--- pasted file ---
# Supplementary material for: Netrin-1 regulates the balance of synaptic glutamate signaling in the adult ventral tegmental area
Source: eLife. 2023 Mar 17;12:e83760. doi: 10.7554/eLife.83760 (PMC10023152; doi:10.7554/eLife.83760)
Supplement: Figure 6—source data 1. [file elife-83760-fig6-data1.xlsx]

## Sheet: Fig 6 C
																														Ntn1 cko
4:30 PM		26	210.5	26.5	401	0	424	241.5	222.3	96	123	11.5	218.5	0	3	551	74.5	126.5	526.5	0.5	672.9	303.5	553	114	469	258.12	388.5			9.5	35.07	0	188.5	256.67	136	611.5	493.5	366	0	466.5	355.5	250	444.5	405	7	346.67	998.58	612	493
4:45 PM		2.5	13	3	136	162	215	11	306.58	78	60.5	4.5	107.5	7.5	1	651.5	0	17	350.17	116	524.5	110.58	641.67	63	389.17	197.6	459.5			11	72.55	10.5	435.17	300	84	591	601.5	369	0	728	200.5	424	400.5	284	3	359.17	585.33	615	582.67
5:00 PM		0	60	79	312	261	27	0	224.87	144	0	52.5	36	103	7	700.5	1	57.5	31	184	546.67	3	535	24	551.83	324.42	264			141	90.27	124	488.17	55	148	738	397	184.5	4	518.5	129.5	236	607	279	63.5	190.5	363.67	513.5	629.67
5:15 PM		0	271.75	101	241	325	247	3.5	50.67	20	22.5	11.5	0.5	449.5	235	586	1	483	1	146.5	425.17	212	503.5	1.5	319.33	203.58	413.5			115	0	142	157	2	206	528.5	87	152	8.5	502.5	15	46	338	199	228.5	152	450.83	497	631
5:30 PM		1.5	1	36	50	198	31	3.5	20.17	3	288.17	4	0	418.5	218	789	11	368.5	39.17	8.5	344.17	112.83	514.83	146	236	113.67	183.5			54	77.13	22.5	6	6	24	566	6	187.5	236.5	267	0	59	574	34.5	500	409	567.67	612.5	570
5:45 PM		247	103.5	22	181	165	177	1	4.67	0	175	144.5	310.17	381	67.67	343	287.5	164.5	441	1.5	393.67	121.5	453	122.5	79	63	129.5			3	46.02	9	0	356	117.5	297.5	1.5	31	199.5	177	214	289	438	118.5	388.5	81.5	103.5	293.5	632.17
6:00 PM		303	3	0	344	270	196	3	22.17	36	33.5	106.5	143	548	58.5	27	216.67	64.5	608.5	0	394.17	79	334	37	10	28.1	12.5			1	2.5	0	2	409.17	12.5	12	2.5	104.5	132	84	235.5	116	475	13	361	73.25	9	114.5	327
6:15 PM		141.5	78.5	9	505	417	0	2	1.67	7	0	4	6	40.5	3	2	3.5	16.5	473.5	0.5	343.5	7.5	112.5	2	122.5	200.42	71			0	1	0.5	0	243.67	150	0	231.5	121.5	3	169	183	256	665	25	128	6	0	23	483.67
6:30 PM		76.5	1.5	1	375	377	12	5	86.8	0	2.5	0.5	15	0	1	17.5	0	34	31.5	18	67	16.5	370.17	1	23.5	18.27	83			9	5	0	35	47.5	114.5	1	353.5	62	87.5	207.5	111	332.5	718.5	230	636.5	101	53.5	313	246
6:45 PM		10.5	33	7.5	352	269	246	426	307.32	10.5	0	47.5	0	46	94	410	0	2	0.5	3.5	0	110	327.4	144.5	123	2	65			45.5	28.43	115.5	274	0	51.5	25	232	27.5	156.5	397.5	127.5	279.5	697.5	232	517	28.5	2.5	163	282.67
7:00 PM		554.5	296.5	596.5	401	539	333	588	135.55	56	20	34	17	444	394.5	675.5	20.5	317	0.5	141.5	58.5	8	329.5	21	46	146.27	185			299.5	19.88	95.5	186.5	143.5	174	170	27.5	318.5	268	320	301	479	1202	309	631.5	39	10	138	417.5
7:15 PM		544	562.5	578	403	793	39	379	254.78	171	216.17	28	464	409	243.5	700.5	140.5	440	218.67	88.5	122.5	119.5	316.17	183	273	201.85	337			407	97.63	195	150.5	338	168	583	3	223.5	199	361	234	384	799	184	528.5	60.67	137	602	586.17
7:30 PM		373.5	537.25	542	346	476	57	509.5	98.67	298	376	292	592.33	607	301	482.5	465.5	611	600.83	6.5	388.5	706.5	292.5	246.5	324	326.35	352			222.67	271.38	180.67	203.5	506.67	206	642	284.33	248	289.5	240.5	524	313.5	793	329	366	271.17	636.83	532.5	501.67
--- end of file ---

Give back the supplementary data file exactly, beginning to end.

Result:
# Supplementary material for: Netrin-1 regulates the balance of synaptic glutamate signaling in the adult ventral tegmental area
Source: eLife. 2023 Mar 17;12:e83760. doi: 10.7554/eLife.83760 (PMC10023152; doi:10.7554/eLife.83760)
Supplement: Figure 6—source data 1. [file elife-83760-fig6-data1.xlsx]

## Sheet: Fig 6 C
																														Ntn1 cko
4:30 PM		26	210.5	26.5	401	0	424	241.5	222.3	96	123	11.5	218.5	0	3	551	74.5	126.5	526.5	0.5	672.9	303.5	553	114	469	258.12	388.5			9.5	35.07	0	188.5	256.67	136	611.5	493.5	366	0	466.5	355.5	250	444.5	405	7	346.67	998.58	612	493
4:45 PM		2.5	13	3	136	162	215	11	306.58	78	60.5	4.5	107.5	7.5	1	651.5	0	17	350.17	116	524.5	110.58	641.67	63	389.17	197.6	459.5			11	72.55	10.5	435.17	300	84	591	601.5	369	0	728	200.5	424	400.5	284	3	359.17	585.33	615	582.67
5:00 PM		0	60	79	312	261	27	0	224.87	144	0	52.5	36	103	7	700.5	1	57.5	31	184	546.67	3	535	24	551.83	324.42	264			141	90.27	124	488.17	55	148	738	397	184.5	4	518.5	129.5	236	607	279	63.5	190.5	363.67	513.5	629.67
5:15 PM		0	271.75	101	241	325	247	3.5	50.67	20	22.5	11.5	0.5	449.5	235	586	1	483	1	146.5	425.17	212	503.5	1.5	319.33	203.58	413.5			115	0	142	157	2	206	528.5	87	152	8.5	502.5	15	46	338	199	228.5	152	450.83	497	631
5:30 PM		1.5	1	36	50	198	31	3.5	20.17	3	288.17	4	0	418.5	218	789	11	368.5	39.17	8.5	344.17	112.83	514.83	146	236	113.67	183.5			54	77.13	22.5	6	6	24	566	6	187.5	236.5	267	0	59	574	34.5	500	409	567.67	612.5	570
5:45 PM		247	103.5	22	181	165	177	1	4.67	0	175	144.5	310.17	381	67.67	343	287.5	164.5	441	1.5	393.67	121.5	453	122.5	79	63	129.5			3	46.02	9	0	356	117.5	297.5	1.5	31	199.5	177	214	289	438	118.5	388.5	81.5	103.5	293.5	632.17
6:00 PM		303	3	0	344	270	196	3	22.17	36	33.5	106.5	143	548	58.5	27	216.67	64.5	608.5	0	394.17	79	334	37	10	28.1	12.5			1	2.5	0	2	409.17	12.5	12	2.5	104.5	132	84	235.5	116	475	13	361	73.25	9	114.5	327
6:15 PM		141.5	78.5	9	505	417	0	2	1.67	7	0	4	6	40.5	3	2	3.5	16.5	473.5	0.5	343.5	7.5	112.5	2	122.5	200.42	71			0	1	0.5	0	243.67	150	0	231.5	121.5	3	169	183	256	665	25	128	6	0	23	483.67
6:30 PM		76.5	1.5	1	375	377	12	5	86.8	0	2.5	0.5	15	0	1	17.5	0	34	31.5	18	67	16.5	370.17	1	23.5	18.27	83			9	5	0	35	47.5	114.5	1	353.5	62	87.5	207.5	111	332.5	718.5	230	636.5	101	53.5	313	246
6:45 PM		10.5	33	7.5	352	269	246	426	307.32	10.5	0	47.5	0	46	94	410	0	2	0.5	3.5	0	110	327.4	144.5	123	2	65			45.5	28.43	115.5	274	0	51.5	25	232	27.5	156.5	397.5	127.5	279.5	697.5	232	517	28.5	2.5	163	282.67
7:00 PM		554.5	296.5	596.5	401	539	333	588	135.55	56	20	34	17	444	394.5	675.5	20.5	317	0.5	141.5	58.5	8	329.5	21	46	146.27	185			299.5	19.88	95.5	186.5	143.5	174	170	27.5	318.5	268	320	301	479	1202	309	631.5	39	10	138	417.5
7:15 PM		544	562.5	578	403	793	39	379	254.78	171	216.17	28	464	409	243.5	700.5	140.5	440	218.67	88.5	122.5	119.5	316.17	183	273	201.85	337			407	97.63	195	150.5	338	168	583	3	223.5	199	361	234	384	799	184	528.5	60.67	137	602	586.17
7:30 PM		373.5	537.25	542	346	476	57	509.5	98.67	298	376	292	592.33	607	301	482.5	465.5	611	600.83	6.5	388.5	706.5	292.5	246.5	324	326.35	352			222.67	271.38	180.67	203.5	506.67	206	642	284.33	248	289.5	240.5	524	313.5	793	329	366	271.17	636.83	532.5	501.67